Intel Building Next-Gen Xeon Phi for Artificial Intelligence

Knights Mill will be a general-purpose chip that will support machine learning and other workloads

Yevgeniy Sverdlik

August 17, 2016

2 Min Read
Diane Bryant
Diane Bryant, former executive VP and GM of Intel's Data Center Group and former COO of Google Cloud (Photo: Intel)Intel

Intel is designing the next-generation chip in its line of supercomputer processors to power artificial intelligence.

Code-named Knights Mill, the next processor in the Xeon Phi family is expected to be available in 2017, the company said Wednesday. Diane Bryant, executive VP and general manager of Intel’s Data Center Group, made the announcement at the Intel Developers Forum in San Francisco.

As tech giants like Google, Facebook, and Microsoft, as well as Elon Musk’s non-profit OpenAI, are investing enormous sums of money in AI research, fighting tooth-and-nail to attract top minds in the field, a battle to supply hardware for the software those minds will create is nascent.

In this battle, Intel is up against the likes of Nvidia, whose GPUs are a popular way to deploy algorithms for machine learning (a common type of AI technology), and the tech giants themselves. Google has developed a custom processor for its machine learning applications on its own, saying nothing was available on the market that met its performance and price requirements.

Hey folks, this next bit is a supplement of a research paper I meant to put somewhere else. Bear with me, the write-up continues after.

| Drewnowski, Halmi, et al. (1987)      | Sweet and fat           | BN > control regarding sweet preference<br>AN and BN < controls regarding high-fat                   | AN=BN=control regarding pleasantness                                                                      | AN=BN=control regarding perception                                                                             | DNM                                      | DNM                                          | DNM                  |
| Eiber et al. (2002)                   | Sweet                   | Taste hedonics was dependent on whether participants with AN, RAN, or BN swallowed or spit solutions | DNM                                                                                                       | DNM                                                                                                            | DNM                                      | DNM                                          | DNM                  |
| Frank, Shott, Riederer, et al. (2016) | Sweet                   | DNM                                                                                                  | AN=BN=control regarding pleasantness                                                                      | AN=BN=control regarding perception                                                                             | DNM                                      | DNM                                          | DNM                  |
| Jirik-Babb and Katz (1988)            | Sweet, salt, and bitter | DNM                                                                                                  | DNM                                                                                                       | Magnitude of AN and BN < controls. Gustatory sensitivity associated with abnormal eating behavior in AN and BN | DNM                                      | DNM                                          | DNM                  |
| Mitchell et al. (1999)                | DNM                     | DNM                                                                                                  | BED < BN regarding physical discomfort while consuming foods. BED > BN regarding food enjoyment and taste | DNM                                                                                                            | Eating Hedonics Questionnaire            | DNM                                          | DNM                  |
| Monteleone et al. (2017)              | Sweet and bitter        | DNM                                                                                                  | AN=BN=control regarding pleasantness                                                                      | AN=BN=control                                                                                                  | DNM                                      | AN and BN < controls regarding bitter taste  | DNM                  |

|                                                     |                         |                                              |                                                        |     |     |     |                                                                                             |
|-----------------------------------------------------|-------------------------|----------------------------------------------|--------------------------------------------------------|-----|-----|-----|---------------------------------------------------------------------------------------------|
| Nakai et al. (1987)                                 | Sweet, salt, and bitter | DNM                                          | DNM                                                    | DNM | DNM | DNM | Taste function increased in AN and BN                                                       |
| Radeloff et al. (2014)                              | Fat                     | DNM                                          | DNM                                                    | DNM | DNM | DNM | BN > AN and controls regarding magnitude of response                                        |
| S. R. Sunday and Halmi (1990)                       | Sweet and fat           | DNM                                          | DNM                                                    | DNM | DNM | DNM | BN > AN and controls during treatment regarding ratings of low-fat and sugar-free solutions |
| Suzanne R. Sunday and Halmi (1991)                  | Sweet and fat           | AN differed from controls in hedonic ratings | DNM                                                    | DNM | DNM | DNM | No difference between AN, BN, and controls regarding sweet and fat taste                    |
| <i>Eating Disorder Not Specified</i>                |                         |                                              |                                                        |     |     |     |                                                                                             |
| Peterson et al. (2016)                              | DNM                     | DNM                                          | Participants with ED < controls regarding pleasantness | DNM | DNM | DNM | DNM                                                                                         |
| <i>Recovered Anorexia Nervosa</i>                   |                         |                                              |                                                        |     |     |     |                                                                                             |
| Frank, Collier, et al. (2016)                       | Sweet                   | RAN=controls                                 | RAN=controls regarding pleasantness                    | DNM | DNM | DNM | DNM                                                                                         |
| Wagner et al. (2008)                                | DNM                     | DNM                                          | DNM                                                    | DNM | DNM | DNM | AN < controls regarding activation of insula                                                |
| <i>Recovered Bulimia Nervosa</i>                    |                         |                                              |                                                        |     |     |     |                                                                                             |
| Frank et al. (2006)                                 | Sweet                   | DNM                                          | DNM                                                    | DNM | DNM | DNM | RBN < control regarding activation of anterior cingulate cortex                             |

Read more: Google Has Built Its Own Custom Chip for AI Servers

Intel has a different set of concerns than Google does when designing its processors for machine learning. It wants to create a general-purpose chip that will support machine learning and other workloads, Charles Wuischpard, VP of the Data Center Group, said on a call with reporters in June, which was the first time the company discussed its AI chip strategy publicly.

While he had little familiarity with Google’s Tensor Processing Unit, Wuischpard said it appeared to be a highly specialized part designed for a specific workload.

Another big part of Intel’s AI chip strategy is to make it scale out rather than up. The latter is the most common architecture for machine learning, he said, which makes it difficult to scale.

Knights Mill “is optimized for scale-out analytics implementations, and will include key enhancements for deep learning training,” Intel said in a statement Wednesday.

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